GE Healthcare, the healthcare business of GE (NYSE: GE), announced today that it has expanded its 2009 license agreement with Geron Corporation for the development of cellular assays and models derived from embryonic stem cells (ESC’s) for use in drug discovery and toxicity screening. Under the terms of the expanded license, GE Healthcare obtains exclusive global rights to Geron’s intellectual property and know-how for the development and sale of cellular assays derived from induced pluripotent stem cells (iPS). Financial terms were not disclosed.
GE Healthcare is pioneering the development of human cell-based assays and models for use in drug discovery and predictive toxicity screening. As the worldwide pharmaceutical industry seeks to reduce the cost of drug development and to bring more effective, safer drugs to market, the availability of more biologically relevant and predictive cell models is becoming increasingly important. In 2010 the company launched CytivaTM cardiomyocytes (human heart cells), stem cell-based assays that are already helping pharmaceutical companies develop safer medicines by identifying - much earlier in the discovery process - drug candidates that show toxic effects. The company also plans to launch Cytiva hepatocytes (liver cells) for toxicity testing, and recently announced a collaboration with the Beijing Genomic Institute aimed at understanding the underlying genetic variation between ethnically diverse stem cell lines.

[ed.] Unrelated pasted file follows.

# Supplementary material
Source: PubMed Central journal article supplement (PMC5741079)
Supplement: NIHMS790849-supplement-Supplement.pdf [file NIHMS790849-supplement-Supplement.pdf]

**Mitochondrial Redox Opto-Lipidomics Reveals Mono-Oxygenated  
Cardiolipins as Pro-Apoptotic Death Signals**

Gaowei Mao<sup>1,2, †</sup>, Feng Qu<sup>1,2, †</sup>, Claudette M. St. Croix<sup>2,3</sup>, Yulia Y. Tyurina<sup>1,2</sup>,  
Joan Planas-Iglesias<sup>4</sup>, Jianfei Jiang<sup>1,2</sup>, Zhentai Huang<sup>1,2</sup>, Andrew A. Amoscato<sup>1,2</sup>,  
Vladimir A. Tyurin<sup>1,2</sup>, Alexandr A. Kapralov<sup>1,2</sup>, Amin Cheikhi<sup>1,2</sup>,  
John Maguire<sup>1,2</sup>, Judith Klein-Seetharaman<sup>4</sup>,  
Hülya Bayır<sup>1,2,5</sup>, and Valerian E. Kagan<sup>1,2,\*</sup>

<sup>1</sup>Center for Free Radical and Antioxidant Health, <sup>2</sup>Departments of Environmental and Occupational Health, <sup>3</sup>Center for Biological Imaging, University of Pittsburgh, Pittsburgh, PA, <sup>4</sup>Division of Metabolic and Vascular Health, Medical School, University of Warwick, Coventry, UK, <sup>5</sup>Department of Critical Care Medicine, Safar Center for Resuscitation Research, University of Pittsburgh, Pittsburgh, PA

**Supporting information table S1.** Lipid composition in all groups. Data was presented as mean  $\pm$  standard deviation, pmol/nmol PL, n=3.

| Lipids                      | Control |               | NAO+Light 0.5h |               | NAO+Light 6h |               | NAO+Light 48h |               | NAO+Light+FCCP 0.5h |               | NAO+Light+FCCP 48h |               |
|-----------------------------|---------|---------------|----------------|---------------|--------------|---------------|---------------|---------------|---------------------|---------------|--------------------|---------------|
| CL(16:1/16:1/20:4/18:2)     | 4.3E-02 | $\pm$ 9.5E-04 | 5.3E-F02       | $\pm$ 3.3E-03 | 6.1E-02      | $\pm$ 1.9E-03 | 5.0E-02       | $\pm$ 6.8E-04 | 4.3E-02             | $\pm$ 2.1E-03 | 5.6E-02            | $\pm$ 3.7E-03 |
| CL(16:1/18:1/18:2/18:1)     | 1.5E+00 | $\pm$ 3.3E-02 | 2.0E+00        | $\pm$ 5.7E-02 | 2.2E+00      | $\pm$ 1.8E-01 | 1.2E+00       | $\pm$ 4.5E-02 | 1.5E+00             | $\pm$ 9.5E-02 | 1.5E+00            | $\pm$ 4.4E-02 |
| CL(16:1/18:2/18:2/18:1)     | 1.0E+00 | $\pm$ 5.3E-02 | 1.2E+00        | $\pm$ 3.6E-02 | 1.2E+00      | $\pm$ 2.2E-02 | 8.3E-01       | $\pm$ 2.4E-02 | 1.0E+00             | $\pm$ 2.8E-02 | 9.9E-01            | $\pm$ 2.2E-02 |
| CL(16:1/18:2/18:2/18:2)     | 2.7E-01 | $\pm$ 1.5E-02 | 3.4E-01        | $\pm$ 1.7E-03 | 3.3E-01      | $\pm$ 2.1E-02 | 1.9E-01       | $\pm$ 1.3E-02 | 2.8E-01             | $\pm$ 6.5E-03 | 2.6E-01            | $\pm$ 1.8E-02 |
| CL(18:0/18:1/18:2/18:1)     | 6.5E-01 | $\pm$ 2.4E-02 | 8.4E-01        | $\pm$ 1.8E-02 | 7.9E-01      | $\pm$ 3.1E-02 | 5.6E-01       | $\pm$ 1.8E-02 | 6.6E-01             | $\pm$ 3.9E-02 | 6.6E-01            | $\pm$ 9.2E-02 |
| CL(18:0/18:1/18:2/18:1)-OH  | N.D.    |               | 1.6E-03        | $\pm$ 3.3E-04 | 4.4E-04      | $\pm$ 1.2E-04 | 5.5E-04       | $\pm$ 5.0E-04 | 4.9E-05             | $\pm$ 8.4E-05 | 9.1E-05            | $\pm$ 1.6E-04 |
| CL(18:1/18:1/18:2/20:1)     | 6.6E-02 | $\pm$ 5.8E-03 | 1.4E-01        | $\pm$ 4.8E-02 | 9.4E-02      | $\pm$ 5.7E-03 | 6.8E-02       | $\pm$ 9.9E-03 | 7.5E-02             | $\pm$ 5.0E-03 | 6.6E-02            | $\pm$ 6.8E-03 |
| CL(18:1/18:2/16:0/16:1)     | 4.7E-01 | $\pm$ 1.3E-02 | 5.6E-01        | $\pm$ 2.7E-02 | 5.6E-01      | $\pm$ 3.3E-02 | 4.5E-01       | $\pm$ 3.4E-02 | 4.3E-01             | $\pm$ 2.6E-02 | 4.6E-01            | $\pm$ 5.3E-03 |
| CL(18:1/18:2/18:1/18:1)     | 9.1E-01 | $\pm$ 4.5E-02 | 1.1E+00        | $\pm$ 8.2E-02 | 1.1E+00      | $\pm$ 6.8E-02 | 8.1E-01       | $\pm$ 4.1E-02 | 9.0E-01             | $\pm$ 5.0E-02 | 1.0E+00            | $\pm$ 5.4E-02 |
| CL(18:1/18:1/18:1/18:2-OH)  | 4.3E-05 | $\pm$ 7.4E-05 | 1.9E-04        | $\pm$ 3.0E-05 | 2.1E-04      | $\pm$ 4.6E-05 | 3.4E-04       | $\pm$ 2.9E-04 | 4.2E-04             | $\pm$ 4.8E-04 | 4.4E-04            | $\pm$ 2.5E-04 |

Dr Amr Abid, General Manager, Cell Technologies, GE Healthcare Life Sciences said,“Expanding our agreement with Geron is a significant step forward and will help us realise our vision of bringing the benefits of stem cell derived assays and models to pharmaceutical and cell science research. In the immediate term it will allow us to accelerate the development of new technologies and products for our customers in drug discovery. Longer term, by taking a licence from GE Healthcare, the wider industry will also benefit from the ability to use key intellectual property without violating patent rights. This clarity and freedom to operate will, I believe, do much to advance the use of stem cell based assays in drug discovery.”